Mick Foley will be inducted into the WWE Hall of Fame Class of 2013 for his matches as Cactus Jack, Dude Love, Mankind and as himself.
Those four faces of Foley each offered a number of classics. Regardless of which name he donned each night, Foley took chances that Evel Knievel might have shied away from.
Not surprisingly Foley's best matches as any of his alter-egos feature street fights and hardcore matches, bent metal and pierced skin. Brutality given and received was his calling card.
For each of his personas, here is the match that we most remember, that most tightly grabbed WWE fans' attention in a stranglehold.
Cactus Jack is the gimmick Mick Foley built his career on.
That's who he was in his WCW days facing Vader or Sting. With WWE he pulled it out when the violence and barbarity of a match called for him to return to Cactus Jack.
He tested Randy Orton's pain thresholds at Backlash 2004 as Cactus and battled atop the Hell in a Cell with Triple H.
It's his Royal Rumble street fight with The Game though, that remains his bloodied masterpiece.
This brutal slugfest was powered by a rabid crowd and Foley's willingness to take some nasty bumps.
Trips and Cactus fought hard in a makeshift alley with barbed-wire bats and garbage cans, delivering another vicious match, the blood flowing, the crowd entranced.
Triple H broke a chair over Foley's back. Foley even had thumbtacks protruding from his face when it was all over.
This match remains Foley's biggest and most notable match as Cactus. It is one of his most violent and most entertaining bouts and was against one of his greatest opponents.
As Dude Love, there is little competition for his greatest match as it was his least used persona. Dude Love vs. Steve Austin at Over the Edge is one of the best matches in both men's career.
The story of the odds being stacked against the hero is a well-worn one, but it felt revived and fresh in this brutal battle. Austin wasn't only defending the WWE title against Foley's hippie alter-ego but Vince McMahon, Gerald Brisco and Pat Patterson as well.
This was the WWE version of Custer's Last Stand.
Dude Love was a brawling pawn in the McMahon vs. Austin feud.
McMahon made himself the referee, while his stooges Pat Patterson and Gerald Brisco served as bell ringer and timekeeper, respectively. To make things worse for Austin, the stipulation had been added that if he struck McMahon, he'd be stripped of his title.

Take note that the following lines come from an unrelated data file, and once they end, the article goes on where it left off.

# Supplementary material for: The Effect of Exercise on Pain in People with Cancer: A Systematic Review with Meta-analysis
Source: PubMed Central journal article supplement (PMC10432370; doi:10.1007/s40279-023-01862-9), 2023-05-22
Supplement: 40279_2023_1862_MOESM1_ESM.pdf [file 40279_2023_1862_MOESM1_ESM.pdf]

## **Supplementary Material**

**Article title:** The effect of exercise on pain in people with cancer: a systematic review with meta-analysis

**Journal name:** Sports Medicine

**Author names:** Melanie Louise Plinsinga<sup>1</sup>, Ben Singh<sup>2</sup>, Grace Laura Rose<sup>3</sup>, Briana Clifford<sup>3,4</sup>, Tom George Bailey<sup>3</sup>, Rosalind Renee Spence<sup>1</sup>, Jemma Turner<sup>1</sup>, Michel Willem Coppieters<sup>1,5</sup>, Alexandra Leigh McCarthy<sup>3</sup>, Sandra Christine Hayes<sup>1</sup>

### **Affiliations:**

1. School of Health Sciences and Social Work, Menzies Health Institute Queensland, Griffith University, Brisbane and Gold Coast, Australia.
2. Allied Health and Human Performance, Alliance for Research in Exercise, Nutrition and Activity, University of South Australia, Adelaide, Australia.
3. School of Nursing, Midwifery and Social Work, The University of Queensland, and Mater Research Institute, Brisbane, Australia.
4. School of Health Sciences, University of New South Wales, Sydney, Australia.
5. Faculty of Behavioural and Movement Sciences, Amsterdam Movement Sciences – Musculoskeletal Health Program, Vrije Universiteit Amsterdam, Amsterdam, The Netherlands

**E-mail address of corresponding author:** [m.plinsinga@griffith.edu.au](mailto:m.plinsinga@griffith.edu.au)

Undertaker acted as an enforcer, ensuring McMahon's impartiality.
With those pieces in place, Dude Love and Austin put on one of their finest, bloodiest and most compelling matches.
Loose teeth, bent car hoods and cement smacking flesh highlighted the fight.
As the action went on, McMahon continued to add stipulations. First he made it a No-Disqualification match then a Falls Count Anywhere match. He was much like the annoying kid who keeps changing the rules of the sport during play to avoid losing.
Still Austin fought on, tying the Dude's head in the ropes and swinging away with his fists.
Blood covered Austin's bald head. Excitement throbbed in the arena.
A chaotic ending featured referees getting knocked out, chair shots clanging and eventually Austin taking an unconscious McMahon's hand and counting the three for him.
Later in his career, Mick Foley stripped off his mask, took off his tye-die and wrestled under his real name.
His greatest match under that moniker was a journey through fire and barbed-wire, a man in search of his defining WrestleMania moment..
During the buildup, Edge taunted Foley into the match, calling him soft, past his prime, a teddy bear.
In his interviews leading up to WrestleMania 22, Foley talked of unleashing his old, hardcore self again.
"You've awoken something inside me that was sleeping for too long."
Bloody gashes, barbed-wire whippings and baseball bats continually wowed the Chicago crowd. The story of that night is of two maniacs willing to put their bodies through anything to win, to endear themselves to fans.
It ended with fire searing flesh as Edge speared Foley through a flaming table.
That ending and that match is something Foley burned into our minds forever.
Mankind vs. Shawn Michaels at Mind Games 1996 was the better wrestling match, but the violent spectacle that was the infamous Hell in a Cell match has a bigger place in fans' hearts.
In the end, WWE stars' job is to entertain. If they do it by escaping a wristlock or by falling off the cage, it doesn't matter. Taker vs. Mankind entertained with its insanity, so much so that it's nearly impossible to think of the Hell in a Cell, King of the Ring or the two men involved without thinking about that match.
When Undertaker tossed Mankind from the cell, it looked as if the match, if not Foley's career, was over.
For him to rise up like a zombie and fight on was breathtaking. Taker and Mankind then upped the stakes with another vicious fall through the roof of the cell.
This was more than just two memorable spots though, it was a story of a dominant, merciless monster in Undertaker and a Rocky-like figure getting up off the mat when any other man would have given in to the restfulness of unconsciousness.
This match was Foley's most dangerous attempt to wow fans. It left his body a wreck and the wrestling world forever changed.